To discover your pioneering spirit you must feel the fear and do it anyway.
A few years ago, I received an unexpected call from Crispin, an affable friend and fellow entrepreneur. I hadn’t spoken to him for a while so was surprised when he skipped the pleasantries and got straight down to business. He asked me if I could take a month off to travel across the Sahara. He explained that a team member had dropped out at short notice and that the expedition was due to depart imminently. He needed to know if I was in. I asked if it was going to be hot. He sounded a little perplexed and replied ‘Of course. Very’. Looking back I probably should have asked more than the one inane question but strangely without hesitation I agreed and hung up.
Life is full of bitter-sweet surprises. The problem is in this case I had no way of knowing if this little surprise was going to turn out to be the experience of a lifetime or the journey from hell. The endeavor I had just agreed to be part of had never been attempted before so all manner of potential threats to my personal safety awaited my imminent arrival. The Sahara is after all one of the most inhospitable places on earth.
My mind was fixated on other matters such as how great it would be to grab some mid winter sun (hence the inane question) while the majority of my friends were being drenched and buffeted. I then pictured the holy grail of status updates…
Simon Montford is at: Sahara
Simon Montford updated his status: ‘40 degrees – now that’s what I’m talkin’ about baby! — at Sahara
Simon Montford added a new photo: ‘Me on top of a sand dune. Lol’
Simon Montford: tagged himself in a photo
Simon Montford: changed his Profile picture
Making my friends green with envy was well worth the risk… Superb! Queue dastardly Dr Evil laughter.
My musings were interrupted by the sudden realization that there would be no signal in the desert. Oops. Oh well I thought with a shrug as I turned my mind to more pressing issues such as the extensive list of outdoor gear and equipment I needed to purchase. In addition, I needed to sort out my travel documentation and of course get the obligatory barrage of dreaded inoculations. I felt exhausted just thinking about it.
I was also expected to attend an intensive off-road driving course and become proficient at first-aid. I was to be the team’s medic. People’s lives were going to be in my hands. Yikes!
The driving school, which was to provide a crash course in off-road driving, forgive the pun, was located in the grounds of Eastnor Castle where Land Rover’s proving grounds can be found. I wasn’t the only one reporting for duty that day. Although we were to be a team of six only three of my adrenalin-seeking compatriots were due to attend the course that day. The other two members of the team comprising of Lieutenant Kit Constable Maxwell and Dr Raymond didn’t require off-road schooling as they were both highly proficient ex-military desert explorers.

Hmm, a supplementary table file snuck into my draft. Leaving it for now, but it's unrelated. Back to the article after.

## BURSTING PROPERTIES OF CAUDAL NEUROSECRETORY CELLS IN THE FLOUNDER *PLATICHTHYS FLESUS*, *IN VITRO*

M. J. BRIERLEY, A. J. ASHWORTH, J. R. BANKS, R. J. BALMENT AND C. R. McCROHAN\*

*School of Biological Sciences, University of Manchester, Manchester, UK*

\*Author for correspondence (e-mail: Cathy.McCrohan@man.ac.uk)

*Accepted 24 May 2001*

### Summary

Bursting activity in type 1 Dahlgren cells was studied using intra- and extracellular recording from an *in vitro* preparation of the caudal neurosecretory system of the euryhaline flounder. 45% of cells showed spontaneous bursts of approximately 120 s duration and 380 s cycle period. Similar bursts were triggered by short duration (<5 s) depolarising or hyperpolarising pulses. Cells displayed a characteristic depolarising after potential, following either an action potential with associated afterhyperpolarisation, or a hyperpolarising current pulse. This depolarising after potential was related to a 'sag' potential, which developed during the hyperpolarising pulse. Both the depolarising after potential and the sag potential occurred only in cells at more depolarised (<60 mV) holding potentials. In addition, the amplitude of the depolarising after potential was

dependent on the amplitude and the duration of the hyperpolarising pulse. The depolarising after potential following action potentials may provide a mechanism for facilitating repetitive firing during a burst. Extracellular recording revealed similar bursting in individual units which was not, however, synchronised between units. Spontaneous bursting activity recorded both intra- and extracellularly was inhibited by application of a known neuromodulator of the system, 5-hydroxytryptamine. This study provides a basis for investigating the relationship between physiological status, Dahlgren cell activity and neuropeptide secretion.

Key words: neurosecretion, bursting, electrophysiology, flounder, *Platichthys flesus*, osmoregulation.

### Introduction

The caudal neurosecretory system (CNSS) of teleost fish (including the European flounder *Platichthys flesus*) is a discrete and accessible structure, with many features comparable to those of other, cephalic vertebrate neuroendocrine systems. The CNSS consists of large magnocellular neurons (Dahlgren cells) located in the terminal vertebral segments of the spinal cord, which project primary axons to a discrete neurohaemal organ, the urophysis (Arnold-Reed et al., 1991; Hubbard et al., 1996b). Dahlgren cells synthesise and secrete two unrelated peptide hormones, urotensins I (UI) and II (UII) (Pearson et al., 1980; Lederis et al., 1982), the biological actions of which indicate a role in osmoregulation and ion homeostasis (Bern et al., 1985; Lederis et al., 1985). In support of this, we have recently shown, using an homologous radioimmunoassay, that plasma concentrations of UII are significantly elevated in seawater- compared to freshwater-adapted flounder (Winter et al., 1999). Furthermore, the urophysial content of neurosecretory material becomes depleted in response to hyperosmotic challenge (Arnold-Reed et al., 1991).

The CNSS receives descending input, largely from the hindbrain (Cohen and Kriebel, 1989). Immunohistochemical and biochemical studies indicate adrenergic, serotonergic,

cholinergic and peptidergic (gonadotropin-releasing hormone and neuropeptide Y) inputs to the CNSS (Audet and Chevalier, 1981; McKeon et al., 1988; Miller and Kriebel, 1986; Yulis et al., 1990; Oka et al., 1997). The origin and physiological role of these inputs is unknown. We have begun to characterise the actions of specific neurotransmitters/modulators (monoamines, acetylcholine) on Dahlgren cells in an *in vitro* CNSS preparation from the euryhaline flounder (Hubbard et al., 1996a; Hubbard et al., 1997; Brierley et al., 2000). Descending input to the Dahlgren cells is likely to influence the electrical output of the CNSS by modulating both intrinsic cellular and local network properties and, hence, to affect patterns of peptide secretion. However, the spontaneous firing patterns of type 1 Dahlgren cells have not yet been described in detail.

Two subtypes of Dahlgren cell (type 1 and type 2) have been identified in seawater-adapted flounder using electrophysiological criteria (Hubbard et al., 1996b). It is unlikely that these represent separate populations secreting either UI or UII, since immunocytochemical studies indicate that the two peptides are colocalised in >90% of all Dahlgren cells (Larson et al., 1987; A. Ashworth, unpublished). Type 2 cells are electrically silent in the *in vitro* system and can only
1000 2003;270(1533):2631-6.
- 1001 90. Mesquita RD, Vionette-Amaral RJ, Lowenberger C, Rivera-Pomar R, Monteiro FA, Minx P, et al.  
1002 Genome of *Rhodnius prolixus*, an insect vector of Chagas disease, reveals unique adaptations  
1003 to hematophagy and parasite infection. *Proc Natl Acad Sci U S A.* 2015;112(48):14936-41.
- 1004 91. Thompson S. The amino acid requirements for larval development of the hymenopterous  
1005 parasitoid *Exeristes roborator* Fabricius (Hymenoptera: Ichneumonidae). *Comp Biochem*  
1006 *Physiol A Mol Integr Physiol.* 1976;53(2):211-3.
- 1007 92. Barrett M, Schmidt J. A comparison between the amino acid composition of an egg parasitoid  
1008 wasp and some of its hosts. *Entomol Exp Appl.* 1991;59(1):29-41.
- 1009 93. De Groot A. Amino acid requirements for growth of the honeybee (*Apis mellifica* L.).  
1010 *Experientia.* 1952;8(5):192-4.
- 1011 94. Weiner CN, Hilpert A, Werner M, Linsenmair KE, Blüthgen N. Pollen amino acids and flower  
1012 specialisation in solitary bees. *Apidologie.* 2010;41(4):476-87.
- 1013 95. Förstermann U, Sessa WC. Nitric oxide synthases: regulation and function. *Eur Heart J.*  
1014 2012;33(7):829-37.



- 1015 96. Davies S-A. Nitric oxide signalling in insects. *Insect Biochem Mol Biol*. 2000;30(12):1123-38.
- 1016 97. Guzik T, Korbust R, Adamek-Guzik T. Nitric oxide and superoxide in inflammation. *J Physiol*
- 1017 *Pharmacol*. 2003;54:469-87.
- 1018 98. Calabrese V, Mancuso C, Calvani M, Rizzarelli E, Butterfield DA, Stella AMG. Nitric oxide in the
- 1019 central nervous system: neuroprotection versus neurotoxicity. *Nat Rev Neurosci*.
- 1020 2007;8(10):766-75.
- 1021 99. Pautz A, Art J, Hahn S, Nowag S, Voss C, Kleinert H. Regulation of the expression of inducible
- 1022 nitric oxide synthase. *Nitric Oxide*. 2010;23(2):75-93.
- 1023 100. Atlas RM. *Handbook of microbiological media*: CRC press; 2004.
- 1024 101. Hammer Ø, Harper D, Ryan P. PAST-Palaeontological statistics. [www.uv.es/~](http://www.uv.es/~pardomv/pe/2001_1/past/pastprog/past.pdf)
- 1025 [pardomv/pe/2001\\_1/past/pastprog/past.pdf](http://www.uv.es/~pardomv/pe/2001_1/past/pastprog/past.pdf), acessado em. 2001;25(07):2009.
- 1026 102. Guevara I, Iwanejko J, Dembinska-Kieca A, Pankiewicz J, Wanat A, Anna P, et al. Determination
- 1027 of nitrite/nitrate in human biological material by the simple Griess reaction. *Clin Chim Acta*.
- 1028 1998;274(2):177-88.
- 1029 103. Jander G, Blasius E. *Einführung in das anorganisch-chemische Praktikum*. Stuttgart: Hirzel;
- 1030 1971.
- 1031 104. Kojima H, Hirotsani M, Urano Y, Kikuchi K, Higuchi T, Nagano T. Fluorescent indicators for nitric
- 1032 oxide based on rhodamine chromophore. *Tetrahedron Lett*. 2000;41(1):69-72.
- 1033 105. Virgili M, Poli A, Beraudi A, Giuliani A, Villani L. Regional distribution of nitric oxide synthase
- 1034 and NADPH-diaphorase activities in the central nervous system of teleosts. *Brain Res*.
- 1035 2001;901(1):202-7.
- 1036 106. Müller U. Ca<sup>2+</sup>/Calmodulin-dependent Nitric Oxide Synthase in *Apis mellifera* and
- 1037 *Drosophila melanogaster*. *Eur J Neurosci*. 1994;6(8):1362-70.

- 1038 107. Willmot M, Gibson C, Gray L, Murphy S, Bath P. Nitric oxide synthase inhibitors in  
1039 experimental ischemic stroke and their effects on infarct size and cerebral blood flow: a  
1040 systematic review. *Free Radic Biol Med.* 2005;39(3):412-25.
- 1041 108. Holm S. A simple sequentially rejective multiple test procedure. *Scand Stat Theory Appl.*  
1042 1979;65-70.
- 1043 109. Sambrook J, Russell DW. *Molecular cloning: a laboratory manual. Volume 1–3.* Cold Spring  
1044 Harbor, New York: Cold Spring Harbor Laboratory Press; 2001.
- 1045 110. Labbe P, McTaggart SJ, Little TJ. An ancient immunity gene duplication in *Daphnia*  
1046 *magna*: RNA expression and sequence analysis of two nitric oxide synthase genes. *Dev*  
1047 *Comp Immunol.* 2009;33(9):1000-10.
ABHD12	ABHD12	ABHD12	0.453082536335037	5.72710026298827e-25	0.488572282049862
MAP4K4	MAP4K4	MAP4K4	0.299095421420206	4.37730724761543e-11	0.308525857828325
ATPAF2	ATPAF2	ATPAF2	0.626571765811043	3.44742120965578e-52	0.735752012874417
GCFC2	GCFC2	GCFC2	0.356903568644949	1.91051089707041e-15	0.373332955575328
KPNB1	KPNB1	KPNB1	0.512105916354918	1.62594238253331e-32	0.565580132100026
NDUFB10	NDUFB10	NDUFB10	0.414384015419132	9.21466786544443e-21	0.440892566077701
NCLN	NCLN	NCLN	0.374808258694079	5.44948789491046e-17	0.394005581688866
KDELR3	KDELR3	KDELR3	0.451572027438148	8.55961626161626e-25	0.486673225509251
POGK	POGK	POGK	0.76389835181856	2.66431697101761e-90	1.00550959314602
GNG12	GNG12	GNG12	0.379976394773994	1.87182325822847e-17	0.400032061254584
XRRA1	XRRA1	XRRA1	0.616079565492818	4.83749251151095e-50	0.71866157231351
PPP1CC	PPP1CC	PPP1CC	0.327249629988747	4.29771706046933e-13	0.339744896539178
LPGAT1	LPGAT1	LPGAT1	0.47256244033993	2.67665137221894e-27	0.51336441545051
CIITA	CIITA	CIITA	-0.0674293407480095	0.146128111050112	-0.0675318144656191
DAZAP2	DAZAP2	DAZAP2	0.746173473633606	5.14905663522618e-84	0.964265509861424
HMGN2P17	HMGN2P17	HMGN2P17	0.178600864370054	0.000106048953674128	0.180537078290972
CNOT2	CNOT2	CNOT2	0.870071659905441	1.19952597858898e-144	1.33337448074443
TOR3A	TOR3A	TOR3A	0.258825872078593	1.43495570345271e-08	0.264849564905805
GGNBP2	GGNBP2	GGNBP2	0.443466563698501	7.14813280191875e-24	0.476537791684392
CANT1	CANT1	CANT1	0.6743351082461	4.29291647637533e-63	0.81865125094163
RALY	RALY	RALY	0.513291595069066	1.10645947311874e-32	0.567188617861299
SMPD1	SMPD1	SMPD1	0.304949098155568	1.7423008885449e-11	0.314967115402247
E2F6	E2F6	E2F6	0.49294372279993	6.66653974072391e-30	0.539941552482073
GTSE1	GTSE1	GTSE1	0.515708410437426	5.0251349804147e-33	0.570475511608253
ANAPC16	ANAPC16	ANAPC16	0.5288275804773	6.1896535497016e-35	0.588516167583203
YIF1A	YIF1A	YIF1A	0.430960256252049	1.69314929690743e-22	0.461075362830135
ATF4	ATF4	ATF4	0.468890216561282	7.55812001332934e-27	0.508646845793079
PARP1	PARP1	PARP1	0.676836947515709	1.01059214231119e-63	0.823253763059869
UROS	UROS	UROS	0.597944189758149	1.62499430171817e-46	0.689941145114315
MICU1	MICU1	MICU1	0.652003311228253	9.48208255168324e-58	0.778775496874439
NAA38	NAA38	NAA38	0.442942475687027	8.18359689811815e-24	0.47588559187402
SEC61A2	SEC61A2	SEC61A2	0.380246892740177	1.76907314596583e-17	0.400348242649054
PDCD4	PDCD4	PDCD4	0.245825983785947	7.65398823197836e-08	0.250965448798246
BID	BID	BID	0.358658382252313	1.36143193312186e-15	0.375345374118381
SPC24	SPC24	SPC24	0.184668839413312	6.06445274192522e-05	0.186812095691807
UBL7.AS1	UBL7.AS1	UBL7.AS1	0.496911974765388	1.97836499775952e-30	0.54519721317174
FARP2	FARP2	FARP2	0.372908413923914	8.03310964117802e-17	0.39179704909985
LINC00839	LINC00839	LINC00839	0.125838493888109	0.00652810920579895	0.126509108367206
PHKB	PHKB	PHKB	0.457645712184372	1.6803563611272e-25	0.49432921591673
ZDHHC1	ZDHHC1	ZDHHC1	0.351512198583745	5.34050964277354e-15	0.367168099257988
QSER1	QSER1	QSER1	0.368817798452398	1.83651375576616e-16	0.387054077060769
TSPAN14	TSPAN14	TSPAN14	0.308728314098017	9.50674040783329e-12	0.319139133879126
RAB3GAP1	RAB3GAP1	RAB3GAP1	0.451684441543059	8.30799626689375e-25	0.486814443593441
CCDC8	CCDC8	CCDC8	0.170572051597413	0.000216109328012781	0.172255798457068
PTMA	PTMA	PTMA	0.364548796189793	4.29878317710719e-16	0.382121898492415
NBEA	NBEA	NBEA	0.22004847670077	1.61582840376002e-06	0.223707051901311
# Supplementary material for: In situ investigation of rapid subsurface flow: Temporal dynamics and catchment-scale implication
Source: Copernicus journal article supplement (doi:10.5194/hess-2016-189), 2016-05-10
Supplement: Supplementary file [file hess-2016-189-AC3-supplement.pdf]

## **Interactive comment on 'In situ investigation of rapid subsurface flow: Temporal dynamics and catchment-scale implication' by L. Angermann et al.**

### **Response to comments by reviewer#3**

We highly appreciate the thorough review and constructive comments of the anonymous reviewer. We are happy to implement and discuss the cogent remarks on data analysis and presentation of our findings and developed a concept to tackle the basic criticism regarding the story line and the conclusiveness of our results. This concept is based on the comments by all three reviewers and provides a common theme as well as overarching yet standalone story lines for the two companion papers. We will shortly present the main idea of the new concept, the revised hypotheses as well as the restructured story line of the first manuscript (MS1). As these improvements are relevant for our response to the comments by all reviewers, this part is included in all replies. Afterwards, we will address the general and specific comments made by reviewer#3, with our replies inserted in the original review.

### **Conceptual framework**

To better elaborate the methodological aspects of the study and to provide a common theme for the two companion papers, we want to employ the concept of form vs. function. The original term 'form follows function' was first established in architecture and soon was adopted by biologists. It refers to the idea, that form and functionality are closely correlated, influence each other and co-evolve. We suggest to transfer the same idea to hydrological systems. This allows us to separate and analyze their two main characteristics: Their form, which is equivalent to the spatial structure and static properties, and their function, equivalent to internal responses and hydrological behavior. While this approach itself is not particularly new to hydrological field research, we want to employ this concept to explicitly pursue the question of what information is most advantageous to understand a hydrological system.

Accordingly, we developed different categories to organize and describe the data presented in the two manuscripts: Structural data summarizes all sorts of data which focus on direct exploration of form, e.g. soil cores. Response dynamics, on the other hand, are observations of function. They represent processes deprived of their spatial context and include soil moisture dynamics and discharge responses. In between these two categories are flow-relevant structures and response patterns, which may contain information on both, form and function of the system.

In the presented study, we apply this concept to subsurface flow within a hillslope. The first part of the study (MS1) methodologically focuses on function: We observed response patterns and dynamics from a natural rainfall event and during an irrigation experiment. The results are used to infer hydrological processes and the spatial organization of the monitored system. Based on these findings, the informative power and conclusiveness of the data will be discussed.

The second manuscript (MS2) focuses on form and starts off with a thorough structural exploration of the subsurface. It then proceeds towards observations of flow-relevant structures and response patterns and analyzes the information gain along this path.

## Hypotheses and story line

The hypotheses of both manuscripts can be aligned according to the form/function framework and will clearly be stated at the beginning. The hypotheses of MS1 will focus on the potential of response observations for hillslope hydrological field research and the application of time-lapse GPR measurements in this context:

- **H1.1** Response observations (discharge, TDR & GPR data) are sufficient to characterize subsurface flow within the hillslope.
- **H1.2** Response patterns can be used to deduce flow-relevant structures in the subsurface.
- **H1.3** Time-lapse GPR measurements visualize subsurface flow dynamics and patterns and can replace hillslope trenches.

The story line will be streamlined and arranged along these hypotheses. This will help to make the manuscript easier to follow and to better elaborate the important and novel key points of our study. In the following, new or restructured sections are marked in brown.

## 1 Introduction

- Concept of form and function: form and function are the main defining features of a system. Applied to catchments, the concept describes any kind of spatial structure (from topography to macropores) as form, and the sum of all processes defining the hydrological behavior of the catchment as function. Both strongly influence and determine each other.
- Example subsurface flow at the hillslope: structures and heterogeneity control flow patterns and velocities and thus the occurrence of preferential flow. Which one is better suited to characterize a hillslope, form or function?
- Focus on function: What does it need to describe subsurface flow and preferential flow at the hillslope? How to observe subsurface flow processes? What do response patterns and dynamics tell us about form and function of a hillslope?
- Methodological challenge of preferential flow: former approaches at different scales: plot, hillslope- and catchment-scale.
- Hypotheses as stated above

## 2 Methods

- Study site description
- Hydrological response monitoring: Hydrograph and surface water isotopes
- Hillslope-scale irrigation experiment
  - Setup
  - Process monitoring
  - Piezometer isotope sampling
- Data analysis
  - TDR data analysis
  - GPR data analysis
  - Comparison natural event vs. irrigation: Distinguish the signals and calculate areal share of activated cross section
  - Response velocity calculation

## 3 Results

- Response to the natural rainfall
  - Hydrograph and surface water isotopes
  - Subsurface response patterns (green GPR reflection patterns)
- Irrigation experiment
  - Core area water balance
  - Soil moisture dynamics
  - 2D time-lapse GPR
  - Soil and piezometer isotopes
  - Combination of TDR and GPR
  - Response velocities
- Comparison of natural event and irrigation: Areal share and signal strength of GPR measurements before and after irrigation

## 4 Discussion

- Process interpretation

First to arrive was my buddy Crispin who, in addition to having a successful heath food business, could strip apart and reassemble a Land Rover with his eyes closed. A pretty damn fine chap to have on board when something mechanical goes awry! Next was Nick, a retired lawyer. At this point I’d prefer not to enter into too much detail about him other than to say he was a fine fellow who sadly and regrettably is no longer with us. The reason I say regrettably is explained in more detail within my footnote (below).
Next to join the fray was record-breaking land speed legend Richard Noble OBE. It’s not every day you get to meet someone who’s formidable achievements put them in a category reserved only for those who have what it takes to confront and overcome seemingly impossible challenges so it was an honor and privilege to meet and get to know him. He will be doing a talk on 22nd Jan 2013.
The afternoon was a blast! The Land Rovers had been capable of negotiating the most mind-bogglingly testing terrain but what scared the hell out of me was the realization that I was totally out of my depth. Muddy hills in Herefordshire with an instructor by my side was one thing. Descending semi-vertical dunes with a heavy life-dependent load, thousands of miles from civilization is quite another. Throughout the day the instructor had forcefully reminded us that under no circumstances should we panic and hit the breaks when driving down very steep dunes. Doing so would cause the rear end to let go and the car to almost certainly roll down the side of an object as high as a tall building! The thought of being trapped in the middle of nowhere in a heap of twisted metal filled me with a sudden sense of dread.
The survival course did nothing to calm my fears. The instructor started the session by asking us to estimate our chances of survival. He calmly offered up a macabre menu of options that included illness, carjacking, snake bite, starvation and dehydration. According to the statistics, if we were to die the most likely cause of death, by a clear margin, would be road accident. We were advised to bring body bags so that casualties could be placed on the roof and repatriated! Next most likely cause of death was dehydration. A frequent mistake made by desert travelers is that they spend many days moving further and further down a long dune corridor only to find a cul-de-sac. On board water supplies run dry before they are able to find a way out! If this were to happen we would all perish! Apparently dehydration is a slow and painful way to go.